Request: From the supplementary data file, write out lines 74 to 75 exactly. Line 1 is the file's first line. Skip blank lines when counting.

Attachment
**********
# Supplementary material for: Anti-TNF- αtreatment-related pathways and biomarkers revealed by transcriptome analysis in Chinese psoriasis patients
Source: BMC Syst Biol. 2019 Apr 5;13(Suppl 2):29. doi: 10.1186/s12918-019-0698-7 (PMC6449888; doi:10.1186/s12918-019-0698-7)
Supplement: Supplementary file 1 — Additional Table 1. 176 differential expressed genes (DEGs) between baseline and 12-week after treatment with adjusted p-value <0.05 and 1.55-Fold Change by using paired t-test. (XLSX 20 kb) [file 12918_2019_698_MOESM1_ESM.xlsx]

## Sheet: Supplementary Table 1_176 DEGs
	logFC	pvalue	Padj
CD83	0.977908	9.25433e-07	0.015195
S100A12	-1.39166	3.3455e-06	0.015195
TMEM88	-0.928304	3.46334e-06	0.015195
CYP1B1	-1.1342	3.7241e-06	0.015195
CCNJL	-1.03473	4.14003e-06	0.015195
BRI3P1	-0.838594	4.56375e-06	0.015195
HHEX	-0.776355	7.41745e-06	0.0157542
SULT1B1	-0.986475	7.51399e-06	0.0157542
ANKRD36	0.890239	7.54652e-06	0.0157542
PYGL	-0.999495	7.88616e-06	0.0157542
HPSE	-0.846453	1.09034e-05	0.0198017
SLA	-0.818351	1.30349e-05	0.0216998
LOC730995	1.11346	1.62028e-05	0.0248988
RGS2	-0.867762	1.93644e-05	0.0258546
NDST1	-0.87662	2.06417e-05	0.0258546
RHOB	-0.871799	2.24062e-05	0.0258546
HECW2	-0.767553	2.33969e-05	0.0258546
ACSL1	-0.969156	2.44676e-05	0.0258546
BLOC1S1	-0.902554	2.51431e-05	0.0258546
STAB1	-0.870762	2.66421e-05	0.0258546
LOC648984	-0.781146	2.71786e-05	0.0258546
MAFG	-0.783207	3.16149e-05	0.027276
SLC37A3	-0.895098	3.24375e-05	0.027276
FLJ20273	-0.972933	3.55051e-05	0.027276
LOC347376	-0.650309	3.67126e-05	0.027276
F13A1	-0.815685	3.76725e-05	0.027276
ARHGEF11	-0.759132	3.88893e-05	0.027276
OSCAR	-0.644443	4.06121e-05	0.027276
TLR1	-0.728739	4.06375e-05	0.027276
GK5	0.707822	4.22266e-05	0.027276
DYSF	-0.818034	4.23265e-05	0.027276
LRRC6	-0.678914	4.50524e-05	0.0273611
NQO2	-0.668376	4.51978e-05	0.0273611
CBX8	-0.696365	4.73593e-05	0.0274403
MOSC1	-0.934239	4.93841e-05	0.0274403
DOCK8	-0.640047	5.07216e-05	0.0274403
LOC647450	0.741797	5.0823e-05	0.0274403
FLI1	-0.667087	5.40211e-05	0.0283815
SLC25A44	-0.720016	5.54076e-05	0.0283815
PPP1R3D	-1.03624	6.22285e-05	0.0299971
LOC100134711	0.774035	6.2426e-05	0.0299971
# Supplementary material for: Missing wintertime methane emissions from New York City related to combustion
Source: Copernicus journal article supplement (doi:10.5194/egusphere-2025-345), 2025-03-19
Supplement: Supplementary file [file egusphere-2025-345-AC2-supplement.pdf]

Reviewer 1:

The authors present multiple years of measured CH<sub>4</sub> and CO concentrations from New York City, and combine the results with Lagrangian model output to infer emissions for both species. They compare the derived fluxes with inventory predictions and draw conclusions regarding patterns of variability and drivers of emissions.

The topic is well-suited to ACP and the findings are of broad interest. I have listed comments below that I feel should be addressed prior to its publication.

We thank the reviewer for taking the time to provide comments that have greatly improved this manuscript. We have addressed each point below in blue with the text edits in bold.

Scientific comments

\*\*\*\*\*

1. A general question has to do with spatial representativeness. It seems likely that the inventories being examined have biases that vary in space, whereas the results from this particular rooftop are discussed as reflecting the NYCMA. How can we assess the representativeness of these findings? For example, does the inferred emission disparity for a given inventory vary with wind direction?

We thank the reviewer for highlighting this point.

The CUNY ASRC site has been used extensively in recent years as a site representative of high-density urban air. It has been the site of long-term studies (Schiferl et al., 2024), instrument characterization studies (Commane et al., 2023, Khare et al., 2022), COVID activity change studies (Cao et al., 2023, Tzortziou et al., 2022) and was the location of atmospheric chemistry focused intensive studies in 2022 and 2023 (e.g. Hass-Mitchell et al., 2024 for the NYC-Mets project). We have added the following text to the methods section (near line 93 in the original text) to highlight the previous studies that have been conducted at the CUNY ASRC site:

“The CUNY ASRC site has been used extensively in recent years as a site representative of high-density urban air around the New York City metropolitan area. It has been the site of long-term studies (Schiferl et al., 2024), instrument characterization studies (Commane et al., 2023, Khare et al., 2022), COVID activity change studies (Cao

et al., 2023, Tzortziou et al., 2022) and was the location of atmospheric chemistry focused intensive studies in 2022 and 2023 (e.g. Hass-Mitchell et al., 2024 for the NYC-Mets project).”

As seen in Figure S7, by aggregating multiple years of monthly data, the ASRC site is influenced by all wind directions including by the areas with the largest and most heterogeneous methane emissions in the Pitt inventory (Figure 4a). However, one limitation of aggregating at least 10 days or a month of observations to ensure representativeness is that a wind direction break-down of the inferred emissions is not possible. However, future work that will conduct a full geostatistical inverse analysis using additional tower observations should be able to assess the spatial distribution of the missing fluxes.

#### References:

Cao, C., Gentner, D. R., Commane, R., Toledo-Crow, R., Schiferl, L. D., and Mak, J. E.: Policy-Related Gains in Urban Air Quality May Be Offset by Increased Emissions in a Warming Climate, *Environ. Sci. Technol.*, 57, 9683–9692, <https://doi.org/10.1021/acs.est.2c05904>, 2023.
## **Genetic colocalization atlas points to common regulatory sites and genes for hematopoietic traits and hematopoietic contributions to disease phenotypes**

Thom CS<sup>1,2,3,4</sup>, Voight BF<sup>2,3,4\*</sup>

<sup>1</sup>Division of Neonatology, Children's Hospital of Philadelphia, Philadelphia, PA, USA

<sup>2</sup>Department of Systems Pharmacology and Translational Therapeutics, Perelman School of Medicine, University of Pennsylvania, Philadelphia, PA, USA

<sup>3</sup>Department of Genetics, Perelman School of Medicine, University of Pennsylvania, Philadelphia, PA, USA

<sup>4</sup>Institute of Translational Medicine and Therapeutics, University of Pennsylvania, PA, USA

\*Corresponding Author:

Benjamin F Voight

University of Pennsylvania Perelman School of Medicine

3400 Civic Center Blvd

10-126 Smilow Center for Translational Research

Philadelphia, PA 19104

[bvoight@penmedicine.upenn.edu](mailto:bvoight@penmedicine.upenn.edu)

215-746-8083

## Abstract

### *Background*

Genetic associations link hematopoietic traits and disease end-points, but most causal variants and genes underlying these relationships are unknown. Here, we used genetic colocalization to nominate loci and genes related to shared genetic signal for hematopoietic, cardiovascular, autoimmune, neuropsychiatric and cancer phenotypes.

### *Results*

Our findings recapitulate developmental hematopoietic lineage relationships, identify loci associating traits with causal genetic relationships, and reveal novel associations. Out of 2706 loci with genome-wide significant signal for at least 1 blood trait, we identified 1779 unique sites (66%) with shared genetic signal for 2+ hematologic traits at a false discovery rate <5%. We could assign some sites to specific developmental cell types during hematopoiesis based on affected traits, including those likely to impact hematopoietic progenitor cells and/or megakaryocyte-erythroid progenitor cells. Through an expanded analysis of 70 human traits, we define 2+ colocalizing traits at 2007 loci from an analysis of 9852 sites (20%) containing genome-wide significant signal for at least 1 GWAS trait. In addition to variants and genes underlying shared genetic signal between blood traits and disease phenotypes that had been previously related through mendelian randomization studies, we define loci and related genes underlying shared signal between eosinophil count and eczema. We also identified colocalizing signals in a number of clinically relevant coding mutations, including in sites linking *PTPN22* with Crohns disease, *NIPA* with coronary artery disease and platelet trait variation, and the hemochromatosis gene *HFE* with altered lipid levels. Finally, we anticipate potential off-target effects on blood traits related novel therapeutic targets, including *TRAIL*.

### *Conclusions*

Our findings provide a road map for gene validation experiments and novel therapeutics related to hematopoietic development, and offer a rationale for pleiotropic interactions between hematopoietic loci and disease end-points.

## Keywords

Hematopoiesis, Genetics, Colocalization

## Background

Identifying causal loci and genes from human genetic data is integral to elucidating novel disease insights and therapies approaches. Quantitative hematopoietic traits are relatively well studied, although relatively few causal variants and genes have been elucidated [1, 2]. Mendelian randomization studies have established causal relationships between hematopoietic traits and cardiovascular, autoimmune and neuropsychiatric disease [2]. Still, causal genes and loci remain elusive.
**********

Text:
10-126 Smilow Center for Translational Research

Philadelphia, PA 19104